Home Latest News IMF Lowers Projected Pakistan Growth for FY24 to 2%

IMF Lowers Projected Pakistan Growth for FY24 to 2%

Global lender expects global growth to reach 3.1%, lower than historical average of 3.8%

by Staff Report

File photo. Saul Loeb—AFP

The International Monetary Fund (IMF) on Tuesday issued its latest World Economic Outlook report, lowering Pakistan’s projected economic growth for the ongoing fiscal year from its earliest estimated 2.5% to two percent.

In the report, the global lender also revised downward by 0.1 percent its forecast for Pakistan’s GDP growth in fiscal year 2024-25, projecting it at 3.5%. This follows the IMF’s quarterly review of Pakistan’s macroeconomic position as part of the ongoing $3 billion Standby Arrangement (SBA), which is set to expire in March. By all indications, Pakistan will have to proceed to another IMF program immediately after the existing one’s conclusion, with the incoming government expected to face tough asks from the lender to secure another bailout.

The IMF’s latest projection is broadly in line with the State Bank of Pakistan (SBP)’s estimate of the country achieving growth of 2-3% in the ongoing fiscal. It is, however, significantly lower than the 3.5% target set by the government in its annual budget.

Overall, per the report, the IMF expects global growth to hit 3.1%, owing to “greater than expected” resilience in various emerging market and developing economies, as well as the U.S. and China. Nonetheless, it said, the forecast for both 2024 and 2025 was below the historical (2000-19) average of 3.8%, “with elevated central bank policy rates to fight inflation, a withdrawal of fiscal support amid high debt weighing on economic activity, and low underlying productivity growth.”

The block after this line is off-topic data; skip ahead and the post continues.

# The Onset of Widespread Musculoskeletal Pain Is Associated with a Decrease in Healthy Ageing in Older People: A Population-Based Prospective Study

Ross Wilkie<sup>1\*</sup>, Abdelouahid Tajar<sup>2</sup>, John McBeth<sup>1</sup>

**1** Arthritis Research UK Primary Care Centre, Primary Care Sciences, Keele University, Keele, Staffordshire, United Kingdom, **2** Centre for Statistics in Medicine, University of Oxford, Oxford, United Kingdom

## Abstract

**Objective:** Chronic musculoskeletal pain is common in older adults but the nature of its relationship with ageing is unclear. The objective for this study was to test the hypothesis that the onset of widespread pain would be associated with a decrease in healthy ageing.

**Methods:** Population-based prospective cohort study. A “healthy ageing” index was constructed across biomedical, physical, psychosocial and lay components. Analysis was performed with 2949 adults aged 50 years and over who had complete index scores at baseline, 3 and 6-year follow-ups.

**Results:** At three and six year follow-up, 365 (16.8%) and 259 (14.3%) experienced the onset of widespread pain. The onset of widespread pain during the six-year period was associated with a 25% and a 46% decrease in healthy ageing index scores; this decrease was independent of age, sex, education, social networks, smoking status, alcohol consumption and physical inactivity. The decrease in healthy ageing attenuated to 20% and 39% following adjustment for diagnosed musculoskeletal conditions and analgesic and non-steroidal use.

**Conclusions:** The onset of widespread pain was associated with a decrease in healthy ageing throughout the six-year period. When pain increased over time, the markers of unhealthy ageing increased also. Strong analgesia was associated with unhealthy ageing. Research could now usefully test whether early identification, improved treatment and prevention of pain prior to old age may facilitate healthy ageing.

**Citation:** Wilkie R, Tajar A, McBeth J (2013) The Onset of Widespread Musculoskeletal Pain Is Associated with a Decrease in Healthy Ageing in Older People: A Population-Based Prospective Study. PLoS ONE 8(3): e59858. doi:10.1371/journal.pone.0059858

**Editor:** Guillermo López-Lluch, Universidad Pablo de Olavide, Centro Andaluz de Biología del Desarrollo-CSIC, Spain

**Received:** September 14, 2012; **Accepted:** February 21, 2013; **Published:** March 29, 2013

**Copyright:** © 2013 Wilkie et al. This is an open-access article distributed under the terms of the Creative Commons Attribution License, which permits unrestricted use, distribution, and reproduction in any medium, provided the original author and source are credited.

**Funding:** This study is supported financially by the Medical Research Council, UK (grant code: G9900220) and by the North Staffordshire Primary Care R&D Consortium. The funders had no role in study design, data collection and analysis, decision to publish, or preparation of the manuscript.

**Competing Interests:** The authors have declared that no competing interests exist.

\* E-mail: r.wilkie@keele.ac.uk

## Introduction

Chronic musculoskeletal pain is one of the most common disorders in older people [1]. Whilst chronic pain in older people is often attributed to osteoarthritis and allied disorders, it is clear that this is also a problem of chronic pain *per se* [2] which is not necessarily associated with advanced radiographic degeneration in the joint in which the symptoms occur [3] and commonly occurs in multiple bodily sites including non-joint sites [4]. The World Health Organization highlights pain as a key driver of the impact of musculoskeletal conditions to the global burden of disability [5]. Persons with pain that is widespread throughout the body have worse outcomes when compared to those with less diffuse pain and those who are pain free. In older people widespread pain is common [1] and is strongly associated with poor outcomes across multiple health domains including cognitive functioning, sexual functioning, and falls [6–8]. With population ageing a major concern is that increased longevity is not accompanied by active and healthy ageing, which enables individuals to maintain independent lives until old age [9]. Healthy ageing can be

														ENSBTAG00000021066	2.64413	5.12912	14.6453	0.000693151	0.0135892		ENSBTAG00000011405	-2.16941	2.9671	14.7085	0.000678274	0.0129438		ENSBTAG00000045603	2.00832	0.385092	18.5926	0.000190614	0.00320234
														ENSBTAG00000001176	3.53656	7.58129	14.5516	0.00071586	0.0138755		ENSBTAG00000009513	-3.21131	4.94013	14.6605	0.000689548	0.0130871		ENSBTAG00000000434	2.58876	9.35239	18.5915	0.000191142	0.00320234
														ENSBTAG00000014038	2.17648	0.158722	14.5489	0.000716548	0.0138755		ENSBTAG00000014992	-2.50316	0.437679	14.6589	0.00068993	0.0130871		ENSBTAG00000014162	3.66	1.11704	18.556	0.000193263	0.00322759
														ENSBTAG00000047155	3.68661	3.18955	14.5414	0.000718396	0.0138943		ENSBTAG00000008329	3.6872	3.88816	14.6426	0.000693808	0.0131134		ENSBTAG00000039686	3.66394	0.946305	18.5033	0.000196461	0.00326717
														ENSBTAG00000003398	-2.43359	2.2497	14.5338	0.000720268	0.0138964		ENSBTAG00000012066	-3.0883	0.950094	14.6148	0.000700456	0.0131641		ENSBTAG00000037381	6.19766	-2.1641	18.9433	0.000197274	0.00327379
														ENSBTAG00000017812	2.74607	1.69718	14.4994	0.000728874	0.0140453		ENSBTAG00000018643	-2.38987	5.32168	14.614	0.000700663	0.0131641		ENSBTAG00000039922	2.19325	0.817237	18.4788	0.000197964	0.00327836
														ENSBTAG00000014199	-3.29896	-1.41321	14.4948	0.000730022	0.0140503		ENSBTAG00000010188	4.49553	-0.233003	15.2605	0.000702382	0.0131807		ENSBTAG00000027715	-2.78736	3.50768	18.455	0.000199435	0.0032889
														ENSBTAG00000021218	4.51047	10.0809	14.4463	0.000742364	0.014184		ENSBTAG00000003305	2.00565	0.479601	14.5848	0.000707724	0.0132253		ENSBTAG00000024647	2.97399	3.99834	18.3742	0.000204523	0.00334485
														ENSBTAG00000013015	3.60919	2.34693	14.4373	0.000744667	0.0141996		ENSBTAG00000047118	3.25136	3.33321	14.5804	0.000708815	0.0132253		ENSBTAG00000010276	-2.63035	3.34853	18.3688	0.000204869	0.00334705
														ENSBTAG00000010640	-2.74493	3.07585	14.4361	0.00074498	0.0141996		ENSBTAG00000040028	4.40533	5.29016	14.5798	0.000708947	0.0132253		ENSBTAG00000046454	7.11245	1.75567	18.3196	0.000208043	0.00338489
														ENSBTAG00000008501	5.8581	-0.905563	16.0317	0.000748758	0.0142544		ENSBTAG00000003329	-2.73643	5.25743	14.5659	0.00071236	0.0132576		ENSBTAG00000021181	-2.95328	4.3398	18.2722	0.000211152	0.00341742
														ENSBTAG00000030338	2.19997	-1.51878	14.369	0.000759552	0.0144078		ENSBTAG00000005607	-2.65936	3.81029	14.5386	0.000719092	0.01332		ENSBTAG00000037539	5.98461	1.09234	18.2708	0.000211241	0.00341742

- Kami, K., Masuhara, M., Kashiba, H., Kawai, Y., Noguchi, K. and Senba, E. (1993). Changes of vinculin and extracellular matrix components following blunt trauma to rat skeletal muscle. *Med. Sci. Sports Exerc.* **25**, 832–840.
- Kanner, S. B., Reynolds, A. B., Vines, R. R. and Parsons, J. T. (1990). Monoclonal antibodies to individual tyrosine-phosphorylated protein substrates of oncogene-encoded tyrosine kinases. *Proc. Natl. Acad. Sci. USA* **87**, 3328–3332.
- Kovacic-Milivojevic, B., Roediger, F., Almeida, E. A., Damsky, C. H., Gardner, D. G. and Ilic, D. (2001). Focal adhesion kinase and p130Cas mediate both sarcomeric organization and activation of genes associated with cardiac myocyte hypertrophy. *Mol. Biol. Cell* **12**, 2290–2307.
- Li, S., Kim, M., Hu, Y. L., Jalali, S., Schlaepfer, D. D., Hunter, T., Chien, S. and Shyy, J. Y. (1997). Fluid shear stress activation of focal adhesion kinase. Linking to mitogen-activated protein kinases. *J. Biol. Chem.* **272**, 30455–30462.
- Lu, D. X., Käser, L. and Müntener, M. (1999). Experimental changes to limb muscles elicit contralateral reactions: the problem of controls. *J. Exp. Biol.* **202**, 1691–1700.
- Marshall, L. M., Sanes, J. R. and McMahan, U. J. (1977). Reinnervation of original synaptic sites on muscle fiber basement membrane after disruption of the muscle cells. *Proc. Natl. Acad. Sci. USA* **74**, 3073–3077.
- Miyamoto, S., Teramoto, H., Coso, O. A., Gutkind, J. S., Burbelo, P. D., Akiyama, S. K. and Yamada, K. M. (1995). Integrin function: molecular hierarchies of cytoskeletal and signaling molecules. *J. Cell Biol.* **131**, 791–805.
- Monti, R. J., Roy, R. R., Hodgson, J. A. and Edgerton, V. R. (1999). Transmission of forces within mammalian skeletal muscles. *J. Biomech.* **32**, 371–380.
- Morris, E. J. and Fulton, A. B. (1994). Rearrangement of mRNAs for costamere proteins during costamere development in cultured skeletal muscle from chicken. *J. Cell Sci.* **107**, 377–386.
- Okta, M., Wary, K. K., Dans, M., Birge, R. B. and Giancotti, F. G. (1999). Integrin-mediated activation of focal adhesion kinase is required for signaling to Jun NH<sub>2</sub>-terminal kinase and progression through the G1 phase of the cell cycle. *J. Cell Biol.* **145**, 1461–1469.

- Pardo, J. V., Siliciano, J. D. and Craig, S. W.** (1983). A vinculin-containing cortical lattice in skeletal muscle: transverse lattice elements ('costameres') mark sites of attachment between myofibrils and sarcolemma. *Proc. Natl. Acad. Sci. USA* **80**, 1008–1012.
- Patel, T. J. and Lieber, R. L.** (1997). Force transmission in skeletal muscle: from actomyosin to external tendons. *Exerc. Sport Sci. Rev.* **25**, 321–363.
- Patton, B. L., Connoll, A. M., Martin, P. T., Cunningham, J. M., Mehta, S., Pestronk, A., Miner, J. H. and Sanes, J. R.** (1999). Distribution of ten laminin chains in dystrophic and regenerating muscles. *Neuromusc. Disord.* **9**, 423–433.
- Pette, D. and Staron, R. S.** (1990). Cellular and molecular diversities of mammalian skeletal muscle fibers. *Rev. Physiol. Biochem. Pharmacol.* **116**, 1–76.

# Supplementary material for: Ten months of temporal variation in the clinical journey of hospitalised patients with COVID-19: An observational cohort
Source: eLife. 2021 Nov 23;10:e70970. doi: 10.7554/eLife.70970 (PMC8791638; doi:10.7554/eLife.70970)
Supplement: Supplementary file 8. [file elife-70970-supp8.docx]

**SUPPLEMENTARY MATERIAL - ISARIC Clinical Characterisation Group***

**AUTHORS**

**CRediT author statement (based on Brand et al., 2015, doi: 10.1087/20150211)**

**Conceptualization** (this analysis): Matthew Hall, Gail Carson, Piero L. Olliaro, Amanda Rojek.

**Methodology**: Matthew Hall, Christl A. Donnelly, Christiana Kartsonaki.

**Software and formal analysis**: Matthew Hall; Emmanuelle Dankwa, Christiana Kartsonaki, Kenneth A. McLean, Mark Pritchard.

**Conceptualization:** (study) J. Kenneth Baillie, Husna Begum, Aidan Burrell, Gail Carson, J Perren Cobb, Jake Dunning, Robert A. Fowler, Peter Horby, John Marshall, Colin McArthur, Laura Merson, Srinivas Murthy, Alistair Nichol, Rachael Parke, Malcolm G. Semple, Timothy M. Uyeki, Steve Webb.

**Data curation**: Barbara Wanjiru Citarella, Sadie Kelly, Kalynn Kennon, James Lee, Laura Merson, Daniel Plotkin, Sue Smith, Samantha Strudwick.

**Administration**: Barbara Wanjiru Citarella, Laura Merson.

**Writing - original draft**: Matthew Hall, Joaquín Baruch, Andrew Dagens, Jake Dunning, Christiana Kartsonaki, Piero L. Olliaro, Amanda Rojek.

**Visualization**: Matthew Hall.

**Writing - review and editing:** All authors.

It noted that inflation was falling faster than expected in most regions in the midst of unwinding supply-side issues and restrictive monetary policy. As such, it expected global headline inflation to decline to 5.8% in 2024 and to 4.4% in 2025.

However, the lender warned, new commodity price spikes from geopolitical shocks, such as the continued attacks on shipping lanes in the Red Sea, and supply disruptions or more persistent underlying inflation could prolong tight monetary conditions. Deepening property sector woes in China or elsewhere, as well as disruptive turn to tax hikes and spending cuts could also cause growth disappointments, it added.

According to the IMF, its projections are based on assumptions that fuel and non-fuel commodity prices will decline in 2024 and 2025 and that interest rates will decline in major economies. It estimated annual average oil prices to fall by about 2.3% in 2024.

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